Brownback’s popularity is low, but he would still beat Democrats

A new poll Tuesday shows Gov. Sam Brownback struggling with his popularity one year before he might seek re-election in Kansas.

Public Policy Polling released a survey showing the Republican with an approval rating of 37 percent as he begins his third year as governor. Fifty-two percent disapproved of the job Brownback is doing.

“Sam Brownback’s really unpopular,” said Dean Debnam, president of the Raleigh, N.C.-based polling group.

The poll surveyed 1,229 registered Kansas voters from Feb. 21 to 24. The poll had a margin of error of plus or minus 2.8 percentage points.

But matched in hypothetical head-to-head contests in a gubernatorial race, Brownback still appears to have an edge over some of the state’s best-known Democrats. The poll pitted him against Mayor Carl Brewer of Wichita, former governors Kathleen Sebelius and Mark Parkinson, outgoing Unified Government mayor Joe Reardon, Kansas Sen. Tom Holland and Shawnee County District Attorney Chad Taylor, who conducted an investigation into open meetings violations last year at the governor’s mansion.

Brownback polled better than any of them, with only Brewer coming within four points of him.The latest poll echoes others last year by SurveyUSA, which showed the governor with a similar rating.

A poll by SurveyUSA last July showed Brownback with an approval rating of 36 percent, which at that time was even lower than what President Barack Obama was polling in Kansas.

But Brownback’s allies have been critical of the SurveyUSA polls, saying they undersampled Republicans and tea party backers.

They took comfort in another poll done last year by Neil Newhouse’s firm, Public Opinion Strategies, showing Brownback with a 51 percent job approval rating. Only 43 percent in that poll disapproved of how Brownback was doing as governor.

Newhouse did public opinion research for presidential candidate Mitt Romney that showed him winning key states that he ultimately lost.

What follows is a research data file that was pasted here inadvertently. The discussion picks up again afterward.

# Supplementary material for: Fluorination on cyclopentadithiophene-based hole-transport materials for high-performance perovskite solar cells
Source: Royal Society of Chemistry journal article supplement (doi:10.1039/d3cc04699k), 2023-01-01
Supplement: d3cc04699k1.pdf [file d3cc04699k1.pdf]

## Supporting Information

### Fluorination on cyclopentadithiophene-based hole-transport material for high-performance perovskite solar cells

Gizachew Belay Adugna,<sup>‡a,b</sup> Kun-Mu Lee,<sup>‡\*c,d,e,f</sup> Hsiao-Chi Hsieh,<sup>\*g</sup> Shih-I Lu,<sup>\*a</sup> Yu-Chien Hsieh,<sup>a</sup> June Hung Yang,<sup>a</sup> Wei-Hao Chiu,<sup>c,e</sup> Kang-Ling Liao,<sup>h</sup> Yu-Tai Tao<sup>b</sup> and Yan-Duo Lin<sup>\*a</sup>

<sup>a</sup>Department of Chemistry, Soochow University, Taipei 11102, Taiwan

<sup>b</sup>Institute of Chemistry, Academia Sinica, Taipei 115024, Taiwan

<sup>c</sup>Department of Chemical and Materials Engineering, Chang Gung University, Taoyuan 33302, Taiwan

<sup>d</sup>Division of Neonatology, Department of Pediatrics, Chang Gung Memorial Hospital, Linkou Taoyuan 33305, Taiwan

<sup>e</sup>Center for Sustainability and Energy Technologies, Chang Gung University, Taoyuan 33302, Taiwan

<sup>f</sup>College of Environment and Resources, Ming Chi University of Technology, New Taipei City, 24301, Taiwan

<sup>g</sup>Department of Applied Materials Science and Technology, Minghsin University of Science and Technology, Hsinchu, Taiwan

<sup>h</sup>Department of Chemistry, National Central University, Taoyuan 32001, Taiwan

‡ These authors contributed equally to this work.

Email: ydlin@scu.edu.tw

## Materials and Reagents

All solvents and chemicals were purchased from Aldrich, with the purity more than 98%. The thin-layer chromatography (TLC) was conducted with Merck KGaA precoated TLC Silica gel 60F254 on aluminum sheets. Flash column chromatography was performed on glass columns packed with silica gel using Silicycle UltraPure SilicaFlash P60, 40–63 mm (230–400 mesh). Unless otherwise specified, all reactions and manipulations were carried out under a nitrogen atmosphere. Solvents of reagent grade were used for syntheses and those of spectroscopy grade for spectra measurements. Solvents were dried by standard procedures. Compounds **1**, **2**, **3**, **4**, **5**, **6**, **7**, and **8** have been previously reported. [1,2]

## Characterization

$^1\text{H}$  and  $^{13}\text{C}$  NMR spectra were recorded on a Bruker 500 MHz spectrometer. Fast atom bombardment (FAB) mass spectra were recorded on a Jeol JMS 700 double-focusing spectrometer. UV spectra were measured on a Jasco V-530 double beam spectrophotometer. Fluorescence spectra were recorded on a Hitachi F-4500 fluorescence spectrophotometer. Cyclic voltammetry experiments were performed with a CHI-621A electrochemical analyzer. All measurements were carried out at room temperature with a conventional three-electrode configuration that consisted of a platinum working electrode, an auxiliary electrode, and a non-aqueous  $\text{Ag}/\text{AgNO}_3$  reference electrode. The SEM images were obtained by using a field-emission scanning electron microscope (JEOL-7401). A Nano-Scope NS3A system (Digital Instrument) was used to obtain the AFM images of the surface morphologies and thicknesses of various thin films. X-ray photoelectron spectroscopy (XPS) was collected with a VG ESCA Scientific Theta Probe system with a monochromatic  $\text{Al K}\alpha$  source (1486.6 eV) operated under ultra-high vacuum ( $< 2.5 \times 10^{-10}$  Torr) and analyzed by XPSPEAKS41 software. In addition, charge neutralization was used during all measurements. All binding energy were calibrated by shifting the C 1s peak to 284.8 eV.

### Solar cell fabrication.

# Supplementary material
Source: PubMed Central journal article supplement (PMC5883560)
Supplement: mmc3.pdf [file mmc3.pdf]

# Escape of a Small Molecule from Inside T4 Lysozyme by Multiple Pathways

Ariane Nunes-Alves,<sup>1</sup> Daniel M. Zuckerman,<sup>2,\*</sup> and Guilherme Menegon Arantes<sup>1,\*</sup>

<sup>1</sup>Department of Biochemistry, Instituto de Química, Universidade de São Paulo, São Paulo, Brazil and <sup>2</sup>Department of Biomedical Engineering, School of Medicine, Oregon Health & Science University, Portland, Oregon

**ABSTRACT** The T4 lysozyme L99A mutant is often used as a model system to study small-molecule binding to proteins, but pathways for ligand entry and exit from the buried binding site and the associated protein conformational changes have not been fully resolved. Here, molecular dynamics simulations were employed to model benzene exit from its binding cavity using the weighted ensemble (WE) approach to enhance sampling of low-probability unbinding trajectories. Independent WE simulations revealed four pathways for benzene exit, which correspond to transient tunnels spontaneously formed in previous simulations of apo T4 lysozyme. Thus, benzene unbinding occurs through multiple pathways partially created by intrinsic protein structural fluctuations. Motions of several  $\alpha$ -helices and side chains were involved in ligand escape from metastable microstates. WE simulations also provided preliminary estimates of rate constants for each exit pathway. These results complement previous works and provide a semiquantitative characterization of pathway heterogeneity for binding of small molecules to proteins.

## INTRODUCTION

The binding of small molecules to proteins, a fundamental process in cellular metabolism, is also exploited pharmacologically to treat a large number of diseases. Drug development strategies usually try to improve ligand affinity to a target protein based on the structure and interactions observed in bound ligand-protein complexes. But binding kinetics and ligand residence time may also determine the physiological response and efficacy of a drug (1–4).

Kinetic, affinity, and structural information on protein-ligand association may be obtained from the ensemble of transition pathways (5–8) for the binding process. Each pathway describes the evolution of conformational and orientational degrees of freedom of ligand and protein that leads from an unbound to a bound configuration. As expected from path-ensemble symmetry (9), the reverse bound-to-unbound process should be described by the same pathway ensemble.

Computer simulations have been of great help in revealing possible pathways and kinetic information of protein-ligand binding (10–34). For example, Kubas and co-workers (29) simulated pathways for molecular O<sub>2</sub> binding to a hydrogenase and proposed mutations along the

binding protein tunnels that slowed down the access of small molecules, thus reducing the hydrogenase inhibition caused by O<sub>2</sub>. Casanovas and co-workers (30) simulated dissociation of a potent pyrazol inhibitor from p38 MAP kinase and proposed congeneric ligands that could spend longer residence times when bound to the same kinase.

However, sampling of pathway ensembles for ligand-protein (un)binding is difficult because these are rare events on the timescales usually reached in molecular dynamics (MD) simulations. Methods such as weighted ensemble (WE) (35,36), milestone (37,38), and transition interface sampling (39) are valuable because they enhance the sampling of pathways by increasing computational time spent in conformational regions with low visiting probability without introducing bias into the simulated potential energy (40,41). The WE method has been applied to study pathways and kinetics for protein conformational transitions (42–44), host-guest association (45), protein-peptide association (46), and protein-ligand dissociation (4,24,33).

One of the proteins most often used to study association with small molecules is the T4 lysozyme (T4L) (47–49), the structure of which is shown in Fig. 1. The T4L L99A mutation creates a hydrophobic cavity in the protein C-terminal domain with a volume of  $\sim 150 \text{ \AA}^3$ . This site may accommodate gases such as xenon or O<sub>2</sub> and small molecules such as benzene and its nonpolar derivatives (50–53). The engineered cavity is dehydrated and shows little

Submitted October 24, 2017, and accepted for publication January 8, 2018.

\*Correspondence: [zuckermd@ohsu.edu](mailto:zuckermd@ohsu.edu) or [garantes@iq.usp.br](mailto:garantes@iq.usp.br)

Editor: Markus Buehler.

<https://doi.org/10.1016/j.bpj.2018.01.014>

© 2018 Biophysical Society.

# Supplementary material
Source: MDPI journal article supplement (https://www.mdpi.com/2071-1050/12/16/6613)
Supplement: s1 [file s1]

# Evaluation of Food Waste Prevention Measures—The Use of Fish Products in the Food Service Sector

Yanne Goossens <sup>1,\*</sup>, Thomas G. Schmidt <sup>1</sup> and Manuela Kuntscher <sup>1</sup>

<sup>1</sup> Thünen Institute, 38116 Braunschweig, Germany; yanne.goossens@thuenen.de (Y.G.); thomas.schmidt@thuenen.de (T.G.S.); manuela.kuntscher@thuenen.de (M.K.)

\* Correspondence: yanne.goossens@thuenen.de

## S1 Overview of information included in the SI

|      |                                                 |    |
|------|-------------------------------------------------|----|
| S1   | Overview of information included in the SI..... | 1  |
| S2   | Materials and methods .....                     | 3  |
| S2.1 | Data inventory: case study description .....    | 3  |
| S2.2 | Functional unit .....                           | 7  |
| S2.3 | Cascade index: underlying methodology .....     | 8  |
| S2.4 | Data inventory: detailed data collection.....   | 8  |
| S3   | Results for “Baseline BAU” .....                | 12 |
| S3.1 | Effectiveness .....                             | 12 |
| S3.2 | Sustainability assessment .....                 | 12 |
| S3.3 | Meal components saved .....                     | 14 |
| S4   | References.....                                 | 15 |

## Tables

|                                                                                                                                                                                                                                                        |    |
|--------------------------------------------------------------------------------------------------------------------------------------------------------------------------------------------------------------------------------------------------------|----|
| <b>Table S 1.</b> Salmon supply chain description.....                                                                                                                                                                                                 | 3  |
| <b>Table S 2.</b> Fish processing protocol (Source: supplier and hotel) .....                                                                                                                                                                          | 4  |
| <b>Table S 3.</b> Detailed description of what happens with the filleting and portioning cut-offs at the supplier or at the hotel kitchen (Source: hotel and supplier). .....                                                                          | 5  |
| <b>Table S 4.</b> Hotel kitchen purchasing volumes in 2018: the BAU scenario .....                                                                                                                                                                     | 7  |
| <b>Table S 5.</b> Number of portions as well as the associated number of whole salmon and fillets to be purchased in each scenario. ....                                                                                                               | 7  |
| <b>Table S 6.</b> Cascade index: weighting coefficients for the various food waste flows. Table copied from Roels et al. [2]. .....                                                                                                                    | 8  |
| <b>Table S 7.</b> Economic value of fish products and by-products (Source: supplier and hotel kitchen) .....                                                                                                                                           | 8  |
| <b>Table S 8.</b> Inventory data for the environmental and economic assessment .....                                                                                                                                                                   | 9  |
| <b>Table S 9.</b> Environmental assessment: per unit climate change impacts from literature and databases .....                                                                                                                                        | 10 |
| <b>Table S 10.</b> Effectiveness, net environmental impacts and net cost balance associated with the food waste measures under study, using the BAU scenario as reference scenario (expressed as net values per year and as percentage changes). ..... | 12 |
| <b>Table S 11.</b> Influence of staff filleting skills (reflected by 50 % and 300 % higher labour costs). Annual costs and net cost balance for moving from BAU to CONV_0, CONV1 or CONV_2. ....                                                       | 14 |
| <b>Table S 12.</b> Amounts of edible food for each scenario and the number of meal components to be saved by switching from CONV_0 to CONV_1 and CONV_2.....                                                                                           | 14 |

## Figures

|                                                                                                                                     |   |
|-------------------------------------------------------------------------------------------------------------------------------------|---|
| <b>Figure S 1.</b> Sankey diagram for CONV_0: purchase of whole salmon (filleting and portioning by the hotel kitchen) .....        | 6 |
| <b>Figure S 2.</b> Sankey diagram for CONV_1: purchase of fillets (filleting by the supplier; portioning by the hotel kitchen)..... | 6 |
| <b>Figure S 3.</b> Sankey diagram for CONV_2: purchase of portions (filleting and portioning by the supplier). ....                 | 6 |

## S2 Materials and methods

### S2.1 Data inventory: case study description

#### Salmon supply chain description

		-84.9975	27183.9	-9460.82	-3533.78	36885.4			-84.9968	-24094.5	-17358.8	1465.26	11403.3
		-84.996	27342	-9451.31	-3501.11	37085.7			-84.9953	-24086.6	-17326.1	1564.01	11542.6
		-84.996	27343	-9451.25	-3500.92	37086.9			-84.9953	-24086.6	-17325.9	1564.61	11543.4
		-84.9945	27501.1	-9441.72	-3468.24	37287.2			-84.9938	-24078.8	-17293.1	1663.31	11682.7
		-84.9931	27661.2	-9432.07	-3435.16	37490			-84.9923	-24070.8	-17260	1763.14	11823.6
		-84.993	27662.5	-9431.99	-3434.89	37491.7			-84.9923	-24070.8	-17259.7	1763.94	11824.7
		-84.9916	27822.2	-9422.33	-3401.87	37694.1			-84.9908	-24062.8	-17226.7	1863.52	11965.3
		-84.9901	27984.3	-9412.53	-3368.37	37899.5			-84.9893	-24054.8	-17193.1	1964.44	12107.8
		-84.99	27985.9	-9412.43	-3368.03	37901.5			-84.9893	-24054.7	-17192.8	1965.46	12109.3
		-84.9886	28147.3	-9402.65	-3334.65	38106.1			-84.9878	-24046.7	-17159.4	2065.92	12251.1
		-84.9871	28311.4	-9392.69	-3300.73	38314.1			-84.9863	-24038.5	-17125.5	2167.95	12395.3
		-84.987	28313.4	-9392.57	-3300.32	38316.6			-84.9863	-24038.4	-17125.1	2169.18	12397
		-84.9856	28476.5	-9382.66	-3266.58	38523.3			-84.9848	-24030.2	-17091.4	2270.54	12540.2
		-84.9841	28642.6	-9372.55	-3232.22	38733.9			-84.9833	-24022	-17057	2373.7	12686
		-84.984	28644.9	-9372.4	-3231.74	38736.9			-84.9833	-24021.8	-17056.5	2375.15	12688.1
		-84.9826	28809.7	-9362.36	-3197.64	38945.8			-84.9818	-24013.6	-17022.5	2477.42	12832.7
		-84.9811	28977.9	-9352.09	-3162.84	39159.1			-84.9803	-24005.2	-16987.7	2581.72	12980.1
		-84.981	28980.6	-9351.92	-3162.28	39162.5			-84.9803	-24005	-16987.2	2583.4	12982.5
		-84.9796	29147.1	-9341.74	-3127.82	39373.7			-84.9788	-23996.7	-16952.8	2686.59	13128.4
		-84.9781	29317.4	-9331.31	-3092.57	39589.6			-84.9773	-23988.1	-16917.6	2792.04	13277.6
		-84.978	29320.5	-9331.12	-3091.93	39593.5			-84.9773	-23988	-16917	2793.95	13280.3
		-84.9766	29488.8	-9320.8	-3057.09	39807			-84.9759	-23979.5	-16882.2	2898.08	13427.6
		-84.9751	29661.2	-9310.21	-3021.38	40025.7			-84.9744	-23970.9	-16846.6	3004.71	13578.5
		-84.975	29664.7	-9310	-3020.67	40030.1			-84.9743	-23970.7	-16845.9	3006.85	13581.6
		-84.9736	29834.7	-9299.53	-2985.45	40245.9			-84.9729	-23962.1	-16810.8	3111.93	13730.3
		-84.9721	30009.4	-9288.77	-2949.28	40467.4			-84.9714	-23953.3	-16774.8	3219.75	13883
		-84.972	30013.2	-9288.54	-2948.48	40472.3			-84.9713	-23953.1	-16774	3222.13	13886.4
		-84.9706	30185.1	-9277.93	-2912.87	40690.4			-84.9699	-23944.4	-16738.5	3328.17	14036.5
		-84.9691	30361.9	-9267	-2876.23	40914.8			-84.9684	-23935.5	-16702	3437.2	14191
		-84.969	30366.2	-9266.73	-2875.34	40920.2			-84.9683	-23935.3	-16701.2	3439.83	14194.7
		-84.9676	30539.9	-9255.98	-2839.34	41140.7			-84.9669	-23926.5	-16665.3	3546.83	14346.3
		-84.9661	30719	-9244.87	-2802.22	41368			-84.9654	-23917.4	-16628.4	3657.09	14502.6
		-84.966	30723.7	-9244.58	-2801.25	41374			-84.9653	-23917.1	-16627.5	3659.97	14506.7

Brownback’s top political strategist is still comfortable with where the governor is positioned politically despite the new poll.

“That doesn’t match up with the internal data we’re seeing or with media exit polls or with actual election results,” David Kensinger said.

Brownback is now in the middle of a legislative session that is getting tougher with each passing day, including Tuesday when a Senate committee scrapped a key component of his plan to improve fourth-grade reading skills.

The governor is proposing even deeper income tax cuts and paying for that by keeping part of a controversial sales tax increase and eliminating the home mortgage deduction. That approach has run into opposition.

Kansas House members are increasingly reluctant to keep a penny sales tax that they opposed and used to beat their opponents to get elected in 2010.

The governor, meanwhile, is still trying to dig out of a looming $700 million revenue hole that was created by income tax cuts enacted last year.

Brownback also is struggling to pass a constitutional amendment that would give him the ability to appoint appellate judges with Senate confirmation.

The Senate passed the amendment early in this year’s session, but the proposal has been languishing in the House for weeks with no sign of action in the near future.